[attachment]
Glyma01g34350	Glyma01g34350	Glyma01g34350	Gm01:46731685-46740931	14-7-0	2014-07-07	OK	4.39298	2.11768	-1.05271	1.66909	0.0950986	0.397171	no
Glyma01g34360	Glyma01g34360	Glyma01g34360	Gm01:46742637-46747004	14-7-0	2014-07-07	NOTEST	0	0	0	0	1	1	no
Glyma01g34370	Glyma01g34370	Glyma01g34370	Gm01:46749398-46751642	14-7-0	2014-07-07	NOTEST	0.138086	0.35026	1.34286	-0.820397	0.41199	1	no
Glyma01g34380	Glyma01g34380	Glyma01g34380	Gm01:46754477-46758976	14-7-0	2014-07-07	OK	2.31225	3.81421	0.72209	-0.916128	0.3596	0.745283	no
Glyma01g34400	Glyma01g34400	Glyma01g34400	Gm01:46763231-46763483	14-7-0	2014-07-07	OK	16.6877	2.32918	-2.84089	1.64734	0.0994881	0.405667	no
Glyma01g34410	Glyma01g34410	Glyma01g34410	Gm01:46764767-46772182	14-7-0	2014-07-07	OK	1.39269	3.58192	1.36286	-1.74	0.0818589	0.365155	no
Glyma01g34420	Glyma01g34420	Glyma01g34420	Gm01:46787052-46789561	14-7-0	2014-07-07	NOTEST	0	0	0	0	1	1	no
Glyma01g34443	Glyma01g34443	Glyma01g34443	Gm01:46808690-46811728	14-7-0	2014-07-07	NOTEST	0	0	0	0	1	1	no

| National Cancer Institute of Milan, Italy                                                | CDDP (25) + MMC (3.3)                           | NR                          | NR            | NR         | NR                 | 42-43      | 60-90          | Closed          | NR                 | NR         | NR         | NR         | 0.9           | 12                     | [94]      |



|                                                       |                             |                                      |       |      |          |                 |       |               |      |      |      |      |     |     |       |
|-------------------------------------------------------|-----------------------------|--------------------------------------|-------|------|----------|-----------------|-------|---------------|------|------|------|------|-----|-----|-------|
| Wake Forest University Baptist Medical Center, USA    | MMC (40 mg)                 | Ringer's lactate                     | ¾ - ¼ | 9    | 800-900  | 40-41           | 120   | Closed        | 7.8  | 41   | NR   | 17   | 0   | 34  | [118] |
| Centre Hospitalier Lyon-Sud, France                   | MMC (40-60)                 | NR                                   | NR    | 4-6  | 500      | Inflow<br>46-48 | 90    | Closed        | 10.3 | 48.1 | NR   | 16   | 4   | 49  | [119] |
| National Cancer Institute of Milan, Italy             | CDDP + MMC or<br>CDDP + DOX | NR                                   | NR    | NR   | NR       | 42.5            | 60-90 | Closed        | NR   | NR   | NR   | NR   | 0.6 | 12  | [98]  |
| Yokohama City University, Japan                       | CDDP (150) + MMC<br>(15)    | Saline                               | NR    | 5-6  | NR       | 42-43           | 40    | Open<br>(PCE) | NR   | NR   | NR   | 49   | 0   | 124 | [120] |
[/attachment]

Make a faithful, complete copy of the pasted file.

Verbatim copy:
Glyma01g34350	Glyma01g34350	Glyma01g34350	Gm01:46731685-46740931	14-7-0	2014-07-07	OK	4.39298	2.11768	-1.05271	1.66909	0.0950986	0.397171	no
Glyma01g34360	Glyma01g34360	Glyma01g34360	Gm01:46742637-46747004	14-7-0	2014-07-07	NOTEST	0	0	0	0	1	1	no
Glyma01g34370	Glyma01g34370	Glyma01g34370	Gm01:46749398-46751642	14-7-0	2014-07-07	NOTEST	0.138086	0.35026	1.34286	-0.820397	0.41199	1	no
Glyma01g34380	Glyma01g34380	Glyma01g34380	Gm01:46754477-46758976	14-7-0	2014-07-07	OK	2.31225	3.81421	0.72209	-0.916128	0.3596	0.745283	no
Glyma01g34400	Glyma01g34400	Glyma01g34400	Gm01:46763231-46763483	14-7-0	2014-07-07	OK	16.6877	2.32918	-2.84089	1.64734	0.0994881	0.405667	no
Glyma01g34410	Glyma01g34410	Glyma01g34410	Gm01:46764767-46772182	14-7-0	2014-07-07	OK	1.39269	3.58192	1.36286	-1.74	0.0818589	0.365155	no
Glyma01g34420	Glyma01g34420	Glyma01g34420	Gm01:46787052-46789561	14-7-0	2014-07-07	NOTEST	0	0	0	0	1	1	no
Glyma01g34443	Glyma01g34443	Glyma01g34443	Gm01:46808690-46811728	14-7-0	2014-07-07	NOTEST	0	0	0	0	1	1	no

| National Cancer Institute of Milan, Italy                                                | CDDP (25) + MMC (3.3)                           | NR                          | NR            | NR         | NR                 | 42-43      | 60-90          | Closed          | NR                 | NR         | NR         | NR         | 0.9           | 12                     | [94]      |



|                                                       |                             |                                      |       |      |          |                 |       |               |      |      |      |      |     |     |       |
|-------------------------------------------------------|-----------------------------|--------------------------------------|-------|------|----------|-----------------|-------|---------------|------|------|------|------|-----|-----|-------|
| Wake Forest University Baptist Medical Center, USA    | MMC (40 mg)                 | Ringer's lactate                     | ¾ - ¼ | 9    | 800-900  | 40-41           | 120   | Closed        | 7.8  | 41   | NR   | 17   | 0   | 34  | [118] |
| Centre Hospitalier Lyon-Sud, France                   | MMC (40-60)                 | NR                                   | NR    | 4-6  | 500      | Inflow<br>46-48 | 90    | Closed        | 10.3 | 48.1 | NR   | 16   | 4   | 49  | [119] |
| National Cancer Institute of Milan, Italy             | CDDP + MMC or<br>CDDP + DOX | NR                                   | NR    | NR   | NR       | 42.5            | 60-90 | Closed        | NR   | NR   | NR   | NR   | 0.6 | 12  | [98]  |
| Yokohama City University, Japan                       | CDDP (150) + MMC<br>(15)    | Saline                               | NR    | 5-6  | NR       | 42-43           | 40    | Open<br>(PCE) | NR   | NR   | NR   | 49   | 0   | 124 | [120] |